This sectoral asynchrony is also mirrored in policy and regional variations, details of which will not be covered here. 

Figure 11: US Manufacturing and Non-Manufacturing PMIs 

Source: FactSet, US Tiger Securities Research 

Is This Time Different? Will There Still Be a Recessions? 

Let’s first set aside our conclusions and examine the structural changes in the labor market. In economics, there’s a concept known as the Phillips curve, which describes the relationship between unemployment and inflation rates. Essentially, it’s intuitive: high unemployment correlates with low inflation, and vice versa, as depicted by the light blue line in the graph on the left. 

However, the slope of this curve has significantly changed post-pandemic. Looking at Figure 12, the blue dots represent pre-pandemic data points, which align closely with the trend line. The green dots represent data points during the pandemic and suggest a flatter trend line because, even though unemployment was high at the time, price levels didn’t change dramatically. However, this period was an anomaly, short-lived, and hence provides limited insight. The red dots, on the other hand, represent post-pandemic data, showing a steeper Phillips curve that has shifted upwards. This isn’t difficult to understand, as post-pandemic labor market tightness kept unemployment rates relatively low, while initial stimulative policies and supply chain issues pushed prices higher. 

Therefore, based on this post-pandemic curve, to lower inflation to the Fed’s target, a higher increase in unemployment rate than in the past would be required. However, it’s critical to note that an increase in the unemployment rate can be both a cause and effect: a deteriorating economy leads to higher unemployment, which in turn can further weaken the economy. Thus, we posit that unless the U.S. undergoes at least a mild recession, achieving the 2% inflation target may not be feasible.  

Figure 12: Phillips Curves Before, During, and After the Pandemic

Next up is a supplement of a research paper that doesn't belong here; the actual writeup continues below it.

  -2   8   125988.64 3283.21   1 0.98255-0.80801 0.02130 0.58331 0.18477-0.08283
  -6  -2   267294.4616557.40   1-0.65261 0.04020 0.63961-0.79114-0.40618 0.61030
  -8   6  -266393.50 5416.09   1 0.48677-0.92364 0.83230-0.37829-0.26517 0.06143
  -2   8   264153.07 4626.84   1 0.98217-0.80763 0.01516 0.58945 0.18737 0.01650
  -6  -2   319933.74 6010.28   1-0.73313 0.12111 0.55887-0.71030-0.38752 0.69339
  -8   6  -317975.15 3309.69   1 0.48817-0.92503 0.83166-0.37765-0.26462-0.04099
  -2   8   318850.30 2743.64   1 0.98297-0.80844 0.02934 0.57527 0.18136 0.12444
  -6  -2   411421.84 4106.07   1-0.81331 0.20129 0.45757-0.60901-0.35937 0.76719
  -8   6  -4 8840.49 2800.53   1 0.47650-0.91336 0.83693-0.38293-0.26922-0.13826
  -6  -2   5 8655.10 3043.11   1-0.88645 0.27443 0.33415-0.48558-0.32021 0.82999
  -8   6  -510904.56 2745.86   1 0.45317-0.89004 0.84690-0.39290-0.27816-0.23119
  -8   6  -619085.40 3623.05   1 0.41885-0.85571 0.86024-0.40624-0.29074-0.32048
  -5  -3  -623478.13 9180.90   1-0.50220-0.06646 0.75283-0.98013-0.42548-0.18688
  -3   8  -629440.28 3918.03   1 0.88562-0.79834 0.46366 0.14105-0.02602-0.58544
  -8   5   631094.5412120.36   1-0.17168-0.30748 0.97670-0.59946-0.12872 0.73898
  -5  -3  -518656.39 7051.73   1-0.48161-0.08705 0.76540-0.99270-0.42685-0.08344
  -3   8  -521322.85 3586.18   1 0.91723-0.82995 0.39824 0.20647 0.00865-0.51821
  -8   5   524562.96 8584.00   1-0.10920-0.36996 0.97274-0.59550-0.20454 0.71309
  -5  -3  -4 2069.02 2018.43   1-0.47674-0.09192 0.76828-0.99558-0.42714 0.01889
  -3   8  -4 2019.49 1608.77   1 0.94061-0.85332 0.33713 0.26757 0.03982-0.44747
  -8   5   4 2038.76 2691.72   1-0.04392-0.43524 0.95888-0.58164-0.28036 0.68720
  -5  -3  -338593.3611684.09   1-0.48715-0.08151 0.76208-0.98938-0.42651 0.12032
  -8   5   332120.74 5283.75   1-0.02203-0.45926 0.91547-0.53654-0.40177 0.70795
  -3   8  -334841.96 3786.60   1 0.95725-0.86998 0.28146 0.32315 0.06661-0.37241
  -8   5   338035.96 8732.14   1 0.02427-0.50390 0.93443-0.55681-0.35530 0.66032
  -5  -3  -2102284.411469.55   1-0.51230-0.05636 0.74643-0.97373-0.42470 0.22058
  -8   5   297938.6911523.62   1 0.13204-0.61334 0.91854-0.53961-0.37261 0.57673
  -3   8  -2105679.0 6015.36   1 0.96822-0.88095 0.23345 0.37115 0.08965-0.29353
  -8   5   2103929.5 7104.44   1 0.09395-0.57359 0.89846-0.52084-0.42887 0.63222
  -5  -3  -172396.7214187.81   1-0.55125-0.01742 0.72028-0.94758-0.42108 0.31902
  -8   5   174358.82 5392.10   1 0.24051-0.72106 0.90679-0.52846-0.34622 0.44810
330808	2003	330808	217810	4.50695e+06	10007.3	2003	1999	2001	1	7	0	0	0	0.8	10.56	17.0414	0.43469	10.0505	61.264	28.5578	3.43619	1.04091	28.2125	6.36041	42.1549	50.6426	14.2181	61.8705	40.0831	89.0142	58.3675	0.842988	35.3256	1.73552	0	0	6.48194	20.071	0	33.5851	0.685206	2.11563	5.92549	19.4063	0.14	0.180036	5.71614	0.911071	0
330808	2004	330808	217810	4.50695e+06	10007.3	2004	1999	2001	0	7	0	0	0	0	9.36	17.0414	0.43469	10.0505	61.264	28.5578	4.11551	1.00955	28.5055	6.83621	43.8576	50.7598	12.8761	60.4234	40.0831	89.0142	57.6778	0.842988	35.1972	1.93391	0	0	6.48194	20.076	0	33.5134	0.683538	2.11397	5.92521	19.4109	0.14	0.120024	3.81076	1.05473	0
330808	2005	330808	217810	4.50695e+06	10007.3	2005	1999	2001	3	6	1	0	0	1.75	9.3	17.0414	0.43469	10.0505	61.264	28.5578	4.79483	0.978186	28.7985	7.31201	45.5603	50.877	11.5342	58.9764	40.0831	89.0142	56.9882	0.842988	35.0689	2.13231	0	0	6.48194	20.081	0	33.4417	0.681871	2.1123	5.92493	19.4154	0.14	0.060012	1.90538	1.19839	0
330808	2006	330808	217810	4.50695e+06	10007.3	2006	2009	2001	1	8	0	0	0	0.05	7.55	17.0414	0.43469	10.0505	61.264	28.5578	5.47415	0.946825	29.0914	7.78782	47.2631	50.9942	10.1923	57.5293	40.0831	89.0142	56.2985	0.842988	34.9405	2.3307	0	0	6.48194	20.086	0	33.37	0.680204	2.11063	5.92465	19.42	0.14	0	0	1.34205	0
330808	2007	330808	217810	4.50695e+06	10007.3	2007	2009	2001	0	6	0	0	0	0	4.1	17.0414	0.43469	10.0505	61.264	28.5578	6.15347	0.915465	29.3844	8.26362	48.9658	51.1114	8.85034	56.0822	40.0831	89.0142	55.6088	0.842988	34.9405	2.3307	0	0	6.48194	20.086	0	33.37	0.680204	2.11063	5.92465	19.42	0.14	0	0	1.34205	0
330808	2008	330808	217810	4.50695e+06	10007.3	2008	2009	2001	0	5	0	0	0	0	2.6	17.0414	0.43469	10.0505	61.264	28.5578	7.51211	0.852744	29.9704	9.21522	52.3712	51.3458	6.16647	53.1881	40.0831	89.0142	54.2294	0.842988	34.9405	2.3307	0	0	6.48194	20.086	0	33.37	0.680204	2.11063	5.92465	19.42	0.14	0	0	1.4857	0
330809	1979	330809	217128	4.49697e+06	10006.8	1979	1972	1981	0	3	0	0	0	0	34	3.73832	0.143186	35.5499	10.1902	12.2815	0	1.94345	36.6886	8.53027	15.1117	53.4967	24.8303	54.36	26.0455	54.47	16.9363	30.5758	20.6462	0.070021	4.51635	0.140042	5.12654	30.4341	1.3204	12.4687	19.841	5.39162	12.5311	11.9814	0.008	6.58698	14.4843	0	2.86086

Figure 13 depicts economic recessions and unemployment rates since the 1940s. It becomes apparent that each increase in the unemployment rate has been triggered by a recession. Without a recession, the unemployment rate wouldn’t increase on its own. 

Figure 13: US Unemployment Rate and Recessions 

Source: FactSet, US Tiger Securities Research 

Let’s consider the major determinants of the current inflation environment. The disinflation experienced in the aftermath of the pandemic reveals a certain misalignment across different economic sectors. The drivers of this inflation cycle can be attributed to supply-demand dynamics. Disruptions in upstream products and supply chains, due to the pandemic and the Russo-Ukrainian conflict, led to a supply contraction and consequently, price inflation. Additionally, extensive fiscal stimulus by the U.S. government amplified consumer spending power, thereby escalating demand and prices. 

The graph representing the Core Personal Consumption Expenditures (PCE) Index—another inflation benchmark akin to the CPI—offers valuable insights. This estimate, provided by the San Francisco Federal Reserve, demonstrates that green signifies supply-induced inflation, blue represents demand-driven inflation, and yellow indicates uncertain inflation. It is evident that supply-driven inflation has receded from its late 2021 and early 2022 peak, whereas demand-driven inflation persists at elevated levels. Anticipated disinflation will primarily hinge on demand moderation, which inherently is more resilient. The Federal Reserve’s interest rate hikes are fundamentally designed to suppress demand.